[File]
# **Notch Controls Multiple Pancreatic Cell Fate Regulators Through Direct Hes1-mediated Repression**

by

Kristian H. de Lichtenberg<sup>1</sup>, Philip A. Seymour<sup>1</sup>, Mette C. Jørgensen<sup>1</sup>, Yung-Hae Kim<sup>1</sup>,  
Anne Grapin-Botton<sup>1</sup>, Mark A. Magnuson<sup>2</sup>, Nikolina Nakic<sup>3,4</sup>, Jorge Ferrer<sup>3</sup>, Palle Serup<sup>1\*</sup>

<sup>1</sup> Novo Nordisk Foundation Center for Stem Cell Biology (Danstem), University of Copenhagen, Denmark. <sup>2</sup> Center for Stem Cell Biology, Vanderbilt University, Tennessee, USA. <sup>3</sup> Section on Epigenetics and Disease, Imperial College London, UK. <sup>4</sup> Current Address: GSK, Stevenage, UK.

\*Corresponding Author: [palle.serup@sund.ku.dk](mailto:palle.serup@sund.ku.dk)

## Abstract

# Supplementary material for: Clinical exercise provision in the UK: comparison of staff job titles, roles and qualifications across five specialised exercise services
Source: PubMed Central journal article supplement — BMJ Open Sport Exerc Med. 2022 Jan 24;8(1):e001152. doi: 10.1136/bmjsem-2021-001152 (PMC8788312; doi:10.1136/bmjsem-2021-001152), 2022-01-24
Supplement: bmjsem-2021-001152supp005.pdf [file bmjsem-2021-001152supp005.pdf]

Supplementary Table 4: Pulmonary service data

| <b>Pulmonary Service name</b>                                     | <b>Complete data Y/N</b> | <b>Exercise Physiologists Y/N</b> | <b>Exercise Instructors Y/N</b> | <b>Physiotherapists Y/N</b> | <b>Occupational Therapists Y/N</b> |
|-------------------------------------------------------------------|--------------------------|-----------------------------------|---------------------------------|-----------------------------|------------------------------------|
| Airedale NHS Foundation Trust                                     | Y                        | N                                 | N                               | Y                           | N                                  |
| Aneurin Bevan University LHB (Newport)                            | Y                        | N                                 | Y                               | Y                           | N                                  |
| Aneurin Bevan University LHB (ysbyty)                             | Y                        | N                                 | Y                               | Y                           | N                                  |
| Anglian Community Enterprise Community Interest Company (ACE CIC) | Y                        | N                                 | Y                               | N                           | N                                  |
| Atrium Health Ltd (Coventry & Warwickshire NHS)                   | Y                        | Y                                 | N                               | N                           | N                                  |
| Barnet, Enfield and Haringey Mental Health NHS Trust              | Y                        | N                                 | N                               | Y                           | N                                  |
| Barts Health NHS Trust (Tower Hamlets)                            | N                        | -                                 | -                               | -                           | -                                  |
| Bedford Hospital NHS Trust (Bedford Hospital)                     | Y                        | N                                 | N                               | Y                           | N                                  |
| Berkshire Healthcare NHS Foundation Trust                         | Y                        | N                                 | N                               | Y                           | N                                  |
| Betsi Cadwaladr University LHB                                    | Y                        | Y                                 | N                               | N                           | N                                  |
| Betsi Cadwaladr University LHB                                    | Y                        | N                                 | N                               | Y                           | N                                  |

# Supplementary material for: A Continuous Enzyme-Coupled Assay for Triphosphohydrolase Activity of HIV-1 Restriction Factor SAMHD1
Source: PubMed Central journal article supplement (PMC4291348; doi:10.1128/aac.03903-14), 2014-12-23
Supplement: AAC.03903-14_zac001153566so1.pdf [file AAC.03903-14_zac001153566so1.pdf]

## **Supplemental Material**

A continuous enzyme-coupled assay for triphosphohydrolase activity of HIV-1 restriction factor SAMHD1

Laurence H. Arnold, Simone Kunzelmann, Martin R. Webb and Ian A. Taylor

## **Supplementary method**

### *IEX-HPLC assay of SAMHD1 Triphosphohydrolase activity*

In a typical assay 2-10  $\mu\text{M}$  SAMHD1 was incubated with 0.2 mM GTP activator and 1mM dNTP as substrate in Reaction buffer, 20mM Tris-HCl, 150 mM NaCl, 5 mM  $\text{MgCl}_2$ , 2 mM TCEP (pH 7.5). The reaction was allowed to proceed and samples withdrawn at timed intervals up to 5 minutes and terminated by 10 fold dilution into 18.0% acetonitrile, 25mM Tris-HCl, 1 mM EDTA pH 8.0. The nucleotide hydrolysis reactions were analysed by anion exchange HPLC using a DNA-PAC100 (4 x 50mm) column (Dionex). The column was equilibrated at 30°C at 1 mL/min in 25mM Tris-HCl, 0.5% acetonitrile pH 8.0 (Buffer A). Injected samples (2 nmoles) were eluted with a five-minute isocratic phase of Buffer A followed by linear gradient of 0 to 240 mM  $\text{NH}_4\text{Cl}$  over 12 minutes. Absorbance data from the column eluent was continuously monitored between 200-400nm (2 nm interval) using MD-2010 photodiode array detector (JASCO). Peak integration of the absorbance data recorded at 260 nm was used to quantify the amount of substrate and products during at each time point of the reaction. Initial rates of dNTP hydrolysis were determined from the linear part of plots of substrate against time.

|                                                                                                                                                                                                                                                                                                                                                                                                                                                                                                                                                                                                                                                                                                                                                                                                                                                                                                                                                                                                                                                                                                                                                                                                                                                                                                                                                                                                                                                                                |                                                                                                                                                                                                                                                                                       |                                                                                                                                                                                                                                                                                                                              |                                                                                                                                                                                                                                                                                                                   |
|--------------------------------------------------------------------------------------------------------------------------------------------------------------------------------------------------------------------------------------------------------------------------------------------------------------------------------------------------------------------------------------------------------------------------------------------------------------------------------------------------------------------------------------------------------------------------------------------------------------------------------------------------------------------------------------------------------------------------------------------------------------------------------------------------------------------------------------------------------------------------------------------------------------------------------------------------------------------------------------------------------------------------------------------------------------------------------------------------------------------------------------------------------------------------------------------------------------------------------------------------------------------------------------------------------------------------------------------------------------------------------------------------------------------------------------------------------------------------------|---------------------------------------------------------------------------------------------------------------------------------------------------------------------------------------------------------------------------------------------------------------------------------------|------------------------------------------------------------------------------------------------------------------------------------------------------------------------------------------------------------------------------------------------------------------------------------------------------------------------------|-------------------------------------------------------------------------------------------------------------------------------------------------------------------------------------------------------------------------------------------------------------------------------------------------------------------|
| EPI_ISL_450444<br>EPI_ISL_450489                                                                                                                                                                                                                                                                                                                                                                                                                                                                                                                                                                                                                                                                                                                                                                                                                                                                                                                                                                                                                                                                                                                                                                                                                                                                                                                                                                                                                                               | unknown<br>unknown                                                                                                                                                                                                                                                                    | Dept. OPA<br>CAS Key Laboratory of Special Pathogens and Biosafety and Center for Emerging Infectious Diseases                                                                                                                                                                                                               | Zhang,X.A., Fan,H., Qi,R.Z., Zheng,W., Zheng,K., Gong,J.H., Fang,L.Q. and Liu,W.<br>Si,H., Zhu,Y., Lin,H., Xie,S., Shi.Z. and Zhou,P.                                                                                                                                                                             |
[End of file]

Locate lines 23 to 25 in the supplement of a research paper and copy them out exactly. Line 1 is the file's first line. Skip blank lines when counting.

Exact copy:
| Betsi Cadwaladr University LHB                                    | Y                        | Y                                 | N                               | N                           | N                                  |
| Betsi Cadwaladr University LHB                                    | Y                        | N                                 | N                               | Y                           | N                                  |

# Supplementary material for: A Continuous Enzyme-Coupled Assay for Triphosphohydrolase Activity of HIV-1 Restriction Factor SAMHD1